Sachiko: A Nagasaki Bomb Survivor’s Story by Caren Stelson: Making this book was a powerful emotional journey that took me all the way to Japan. (Read about it here: https://lernerbooks.blog/2017/01/dispatch-from-nagasaki-visiting-sachiko-yasui.html)

 

 

Sea Otter Heroes: The Predators That Saved an Ecosystem by Patricia Newman (one of our STEM Tuesday contributors!): This book is a fascinating story of scientific discovery that taught me the phrase trophic cascade and makes me feel smarter every time I read it.

 


Monstrous: The Lore, Gore, and Science behind Your Favorite Monsters by Carlyn Beccia: Edited by my colleague Shaina Olmanson, this book offers a unique and compelling look at famous monsters and the history and science behind them—and has awesome illustrations and infographics to boot!

 

 

Tracking Pythons: The Quest to Catch an Invasive Predator and Save an Ecosystem by Kate Messner: earlier this year, my younger son became obsessed with this book. It was magical to see a book I’d edited spark such curiosity in him! (I talk about it here: https://lernerbooks.blog/2020/03/tracking-pythons-science-up-close.html)

 

Journey into the Deep: Discovering New Ocean Creatures by Rebecca L. Johnson: I learned a lot about making an ambitious MG book from this book—it’s a 64-page look at recently discovered ocean creatures scientists found during the ten-year Census of Marine Life, and it’s packed with fantastic photos as well as rich text that takes readers from the ocean’s surface down to its depths. The book came out in 2010, and it’s the first book I ever edited to receive a starred review. I still remember the thrill I felt the day that review came through. (CHeck out the review here: https://www.kirkusreviews.com/book-reviews/rebecca-l-johnson/journey-deep/)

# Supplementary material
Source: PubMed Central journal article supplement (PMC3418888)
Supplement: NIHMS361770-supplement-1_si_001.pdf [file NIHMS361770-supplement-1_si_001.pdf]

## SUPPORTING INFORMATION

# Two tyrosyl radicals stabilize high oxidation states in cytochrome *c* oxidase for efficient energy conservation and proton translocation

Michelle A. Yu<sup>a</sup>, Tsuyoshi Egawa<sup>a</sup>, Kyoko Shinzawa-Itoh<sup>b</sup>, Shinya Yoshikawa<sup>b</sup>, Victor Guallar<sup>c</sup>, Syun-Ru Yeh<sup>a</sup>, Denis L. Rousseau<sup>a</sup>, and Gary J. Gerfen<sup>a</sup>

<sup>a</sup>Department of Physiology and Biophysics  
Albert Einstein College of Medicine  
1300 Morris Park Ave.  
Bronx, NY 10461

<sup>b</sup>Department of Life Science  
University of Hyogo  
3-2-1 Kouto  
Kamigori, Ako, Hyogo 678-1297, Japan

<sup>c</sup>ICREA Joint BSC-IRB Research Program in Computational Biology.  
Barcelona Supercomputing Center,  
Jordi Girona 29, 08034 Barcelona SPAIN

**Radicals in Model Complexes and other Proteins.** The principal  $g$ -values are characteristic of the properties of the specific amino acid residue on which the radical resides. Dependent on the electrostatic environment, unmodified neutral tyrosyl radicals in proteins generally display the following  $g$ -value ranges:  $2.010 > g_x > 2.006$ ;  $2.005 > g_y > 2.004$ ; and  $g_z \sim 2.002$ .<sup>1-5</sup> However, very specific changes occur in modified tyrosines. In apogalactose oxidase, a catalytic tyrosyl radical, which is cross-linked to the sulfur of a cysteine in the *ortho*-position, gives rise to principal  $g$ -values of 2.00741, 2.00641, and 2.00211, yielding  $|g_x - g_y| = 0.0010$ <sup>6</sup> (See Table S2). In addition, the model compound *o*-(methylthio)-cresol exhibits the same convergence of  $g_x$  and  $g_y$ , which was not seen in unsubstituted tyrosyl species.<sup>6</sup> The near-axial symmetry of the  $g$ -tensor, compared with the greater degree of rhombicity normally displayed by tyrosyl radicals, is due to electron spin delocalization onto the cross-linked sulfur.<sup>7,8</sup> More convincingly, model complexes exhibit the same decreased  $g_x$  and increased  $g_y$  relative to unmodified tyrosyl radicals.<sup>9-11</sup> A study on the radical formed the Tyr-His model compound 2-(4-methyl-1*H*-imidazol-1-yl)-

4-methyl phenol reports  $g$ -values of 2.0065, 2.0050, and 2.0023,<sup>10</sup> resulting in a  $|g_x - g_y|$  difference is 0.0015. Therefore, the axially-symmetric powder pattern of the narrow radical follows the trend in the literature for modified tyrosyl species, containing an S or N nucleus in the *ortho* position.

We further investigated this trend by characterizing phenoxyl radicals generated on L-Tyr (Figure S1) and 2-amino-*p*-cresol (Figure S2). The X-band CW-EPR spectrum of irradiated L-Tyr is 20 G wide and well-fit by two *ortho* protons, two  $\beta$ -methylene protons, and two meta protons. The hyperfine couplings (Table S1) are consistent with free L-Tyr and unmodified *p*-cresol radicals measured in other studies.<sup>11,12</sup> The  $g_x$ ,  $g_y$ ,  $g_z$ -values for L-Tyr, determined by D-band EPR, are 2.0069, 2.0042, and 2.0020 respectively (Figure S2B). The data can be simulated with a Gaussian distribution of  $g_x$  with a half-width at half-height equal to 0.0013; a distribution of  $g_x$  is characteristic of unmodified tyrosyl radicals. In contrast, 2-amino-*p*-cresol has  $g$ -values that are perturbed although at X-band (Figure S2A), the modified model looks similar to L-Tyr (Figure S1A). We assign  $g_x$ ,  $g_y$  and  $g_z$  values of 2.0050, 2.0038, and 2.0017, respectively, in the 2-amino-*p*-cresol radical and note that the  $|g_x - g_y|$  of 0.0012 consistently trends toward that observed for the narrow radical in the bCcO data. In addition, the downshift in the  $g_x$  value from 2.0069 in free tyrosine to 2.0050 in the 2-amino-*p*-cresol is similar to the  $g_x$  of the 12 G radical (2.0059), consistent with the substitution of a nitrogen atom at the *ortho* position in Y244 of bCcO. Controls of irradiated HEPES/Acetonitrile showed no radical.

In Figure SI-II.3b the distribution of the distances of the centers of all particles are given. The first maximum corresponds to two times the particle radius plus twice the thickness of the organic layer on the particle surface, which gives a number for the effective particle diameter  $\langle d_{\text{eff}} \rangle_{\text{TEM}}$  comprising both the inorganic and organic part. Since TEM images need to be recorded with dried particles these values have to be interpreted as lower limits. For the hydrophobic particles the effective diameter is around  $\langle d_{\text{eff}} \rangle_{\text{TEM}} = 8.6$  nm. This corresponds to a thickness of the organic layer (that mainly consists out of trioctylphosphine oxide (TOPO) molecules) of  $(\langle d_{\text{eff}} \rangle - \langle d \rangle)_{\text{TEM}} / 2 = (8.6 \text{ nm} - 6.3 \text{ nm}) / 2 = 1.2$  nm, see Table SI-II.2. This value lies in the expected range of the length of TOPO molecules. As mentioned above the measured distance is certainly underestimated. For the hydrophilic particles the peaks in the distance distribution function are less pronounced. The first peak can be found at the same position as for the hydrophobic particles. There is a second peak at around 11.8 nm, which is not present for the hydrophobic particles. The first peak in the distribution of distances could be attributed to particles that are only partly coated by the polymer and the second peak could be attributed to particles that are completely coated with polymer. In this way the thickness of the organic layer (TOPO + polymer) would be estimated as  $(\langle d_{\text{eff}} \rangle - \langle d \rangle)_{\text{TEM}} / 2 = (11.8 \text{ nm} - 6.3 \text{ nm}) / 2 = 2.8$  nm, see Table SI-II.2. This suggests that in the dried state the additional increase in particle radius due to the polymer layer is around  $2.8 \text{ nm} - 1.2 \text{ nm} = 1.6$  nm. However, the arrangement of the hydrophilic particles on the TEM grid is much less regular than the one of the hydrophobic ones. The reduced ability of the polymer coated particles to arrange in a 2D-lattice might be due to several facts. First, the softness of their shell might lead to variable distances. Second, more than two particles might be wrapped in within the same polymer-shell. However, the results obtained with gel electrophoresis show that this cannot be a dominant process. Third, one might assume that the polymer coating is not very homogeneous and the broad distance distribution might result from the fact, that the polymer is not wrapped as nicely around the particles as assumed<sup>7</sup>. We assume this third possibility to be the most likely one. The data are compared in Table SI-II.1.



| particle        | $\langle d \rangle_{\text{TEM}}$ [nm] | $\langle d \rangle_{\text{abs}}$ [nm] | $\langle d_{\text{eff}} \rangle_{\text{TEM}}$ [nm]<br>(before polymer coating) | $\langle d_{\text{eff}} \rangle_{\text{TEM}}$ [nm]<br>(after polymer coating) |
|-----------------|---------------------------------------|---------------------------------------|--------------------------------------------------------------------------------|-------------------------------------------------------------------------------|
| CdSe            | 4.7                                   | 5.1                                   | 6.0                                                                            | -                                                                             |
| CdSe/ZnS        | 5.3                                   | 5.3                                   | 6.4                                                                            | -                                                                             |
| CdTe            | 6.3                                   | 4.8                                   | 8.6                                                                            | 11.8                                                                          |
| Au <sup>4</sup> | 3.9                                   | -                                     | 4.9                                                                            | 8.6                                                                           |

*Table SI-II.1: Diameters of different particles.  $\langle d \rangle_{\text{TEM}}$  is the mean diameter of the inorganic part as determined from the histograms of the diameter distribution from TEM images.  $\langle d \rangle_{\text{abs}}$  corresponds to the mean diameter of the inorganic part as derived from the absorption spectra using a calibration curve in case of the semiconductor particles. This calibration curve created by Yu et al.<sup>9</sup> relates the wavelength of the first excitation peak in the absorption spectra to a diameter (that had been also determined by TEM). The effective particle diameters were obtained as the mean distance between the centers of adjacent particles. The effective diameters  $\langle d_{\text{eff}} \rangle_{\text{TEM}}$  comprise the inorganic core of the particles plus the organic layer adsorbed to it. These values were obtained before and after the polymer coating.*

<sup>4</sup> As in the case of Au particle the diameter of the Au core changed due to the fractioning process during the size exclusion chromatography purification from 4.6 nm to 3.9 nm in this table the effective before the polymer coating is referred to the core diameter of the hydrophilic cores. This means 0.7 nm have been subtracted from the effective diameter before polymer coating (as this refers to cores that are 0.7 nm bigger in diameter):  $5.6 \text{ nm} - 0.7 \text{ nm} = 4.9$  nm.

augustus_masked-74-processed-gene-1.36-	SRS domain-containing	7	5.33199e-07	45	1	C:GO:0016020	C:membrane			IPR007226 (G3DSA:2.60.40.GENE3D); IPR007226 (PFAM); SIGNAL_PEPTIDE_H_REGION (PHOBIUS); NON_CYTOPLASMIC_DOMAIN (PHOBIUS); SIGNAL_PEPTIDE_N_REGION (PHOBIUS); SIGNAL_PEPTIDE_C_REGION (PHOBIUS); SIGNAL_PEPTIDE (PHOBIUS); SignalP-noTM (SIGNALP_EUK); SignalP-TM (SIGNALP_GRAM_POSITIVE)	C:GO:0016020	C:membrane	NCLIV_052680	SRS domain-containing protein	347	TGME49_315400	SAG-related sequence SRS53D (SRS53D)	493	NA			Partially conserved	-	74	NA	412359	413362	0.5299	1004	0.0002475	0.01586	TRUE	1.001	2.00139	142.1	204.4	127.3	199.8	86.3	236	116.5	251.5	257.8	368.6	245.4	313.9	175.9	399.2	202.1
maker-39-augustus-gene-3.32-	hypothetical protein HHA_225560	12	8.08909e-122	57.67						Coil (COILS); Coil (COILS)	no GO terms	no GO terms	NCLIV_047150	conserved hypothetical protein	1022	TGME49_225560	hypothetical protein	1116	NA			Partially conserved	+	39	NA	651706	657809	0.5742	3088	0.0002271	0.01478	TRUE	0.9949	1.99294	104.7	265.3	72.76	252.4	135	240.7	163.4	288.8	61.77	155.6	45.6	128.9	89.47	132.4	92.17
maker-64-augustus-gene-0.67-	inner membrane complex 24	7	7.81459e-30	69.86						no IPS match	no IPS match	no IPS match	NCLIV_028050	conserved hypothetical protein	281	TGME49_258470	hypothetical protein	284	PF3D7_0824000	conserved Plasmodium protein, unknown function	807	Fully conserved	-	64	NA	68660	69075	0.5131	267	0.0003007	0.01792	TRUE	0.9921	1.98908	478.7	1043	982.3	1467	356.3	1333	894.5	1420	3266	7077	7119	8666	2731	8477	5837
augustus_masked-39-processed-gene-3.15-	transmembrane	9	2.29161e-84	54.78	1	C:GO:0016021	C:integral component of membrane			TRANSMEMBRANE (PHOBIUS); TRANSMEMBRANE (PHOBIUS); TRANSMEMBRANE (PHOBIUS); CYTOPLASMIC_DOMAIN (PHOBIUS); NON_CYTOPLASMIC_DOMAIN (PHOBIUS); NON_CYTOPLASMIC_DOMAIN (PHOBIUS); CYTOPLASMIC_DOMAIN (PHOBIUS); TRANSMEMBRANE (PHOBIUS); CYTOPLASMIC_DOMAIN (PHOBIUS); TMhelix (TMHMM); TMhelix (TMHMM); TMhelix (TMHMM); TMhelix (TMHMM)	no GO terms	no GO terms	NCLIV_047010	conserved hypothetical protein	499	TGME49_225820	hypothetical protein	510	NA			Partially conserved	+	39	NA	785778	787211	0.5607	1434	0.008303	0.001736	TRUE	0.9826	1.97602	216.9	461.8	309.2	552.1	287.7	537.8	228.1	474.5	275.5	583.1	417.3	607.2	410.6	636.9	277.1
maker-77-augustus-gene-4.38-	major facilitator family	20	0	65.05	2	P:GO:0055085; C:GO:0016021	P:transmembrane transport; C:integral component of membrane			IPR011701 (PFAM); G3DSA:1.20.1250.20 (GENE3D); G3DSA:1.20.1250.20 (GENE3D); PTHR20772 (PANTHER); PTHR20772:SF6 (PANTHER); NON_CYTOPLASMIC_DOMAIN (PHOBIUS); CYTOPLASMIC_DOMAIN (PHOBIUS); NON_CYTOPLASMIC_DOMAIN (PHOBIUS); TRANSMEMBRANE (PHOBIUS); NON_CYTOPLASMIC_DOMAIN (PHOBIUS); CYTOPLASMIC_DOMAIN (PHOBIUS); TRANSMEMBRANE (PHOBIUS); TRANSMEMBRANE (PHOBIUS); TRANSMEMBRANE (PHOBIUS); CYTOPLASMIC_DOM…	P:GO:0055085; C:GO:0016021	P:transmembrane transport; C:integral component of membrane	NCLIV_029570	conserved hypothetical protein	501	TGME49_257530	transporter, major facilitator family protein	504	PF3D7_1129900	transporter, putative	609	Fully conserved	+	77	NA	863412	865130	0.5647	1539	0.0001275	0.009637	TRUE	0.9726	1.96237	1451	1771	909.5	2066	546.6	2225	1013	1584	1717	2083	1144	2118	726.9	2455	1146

Having been at the epicenter of the George Floyd protests, how has the Black Lives Matter movement affected Lerner? And children’s publishing in general? Do you think children’s publishing has changed or is changing in response?

Lerner’s downtown Minneapolis offices were boarded up for about a week at the height of the protests, but in a lot of ways, that’s the least of it. While this is not the first time we’ve had internal conversations about publishing diverse voices and what we’re doing to make our workplace more inclusive, in the aftermath of the protests these conversations took on new urgency. And I believe that’s true across the industry as well.

In children’s publishing, the creation of We Need Diverse Books in 2014 spurred a number of important changes, but it’s clear right now that we still have more to do to make this industry more equitable.

While a lot of the conversation about diversity in children’s books has focused on picture books and fiction, I think we in the nonfiction community need to take a very serious look at just how few BIPOC authors are writing nonfiction (especially MG and YA) and find ways to bring in new authors from more diverse backgrounds. To this end, I am working on an idea that includes an open call for MG nonfiction, but I’m not ready to share specifics just yet. (Check back in the fall!)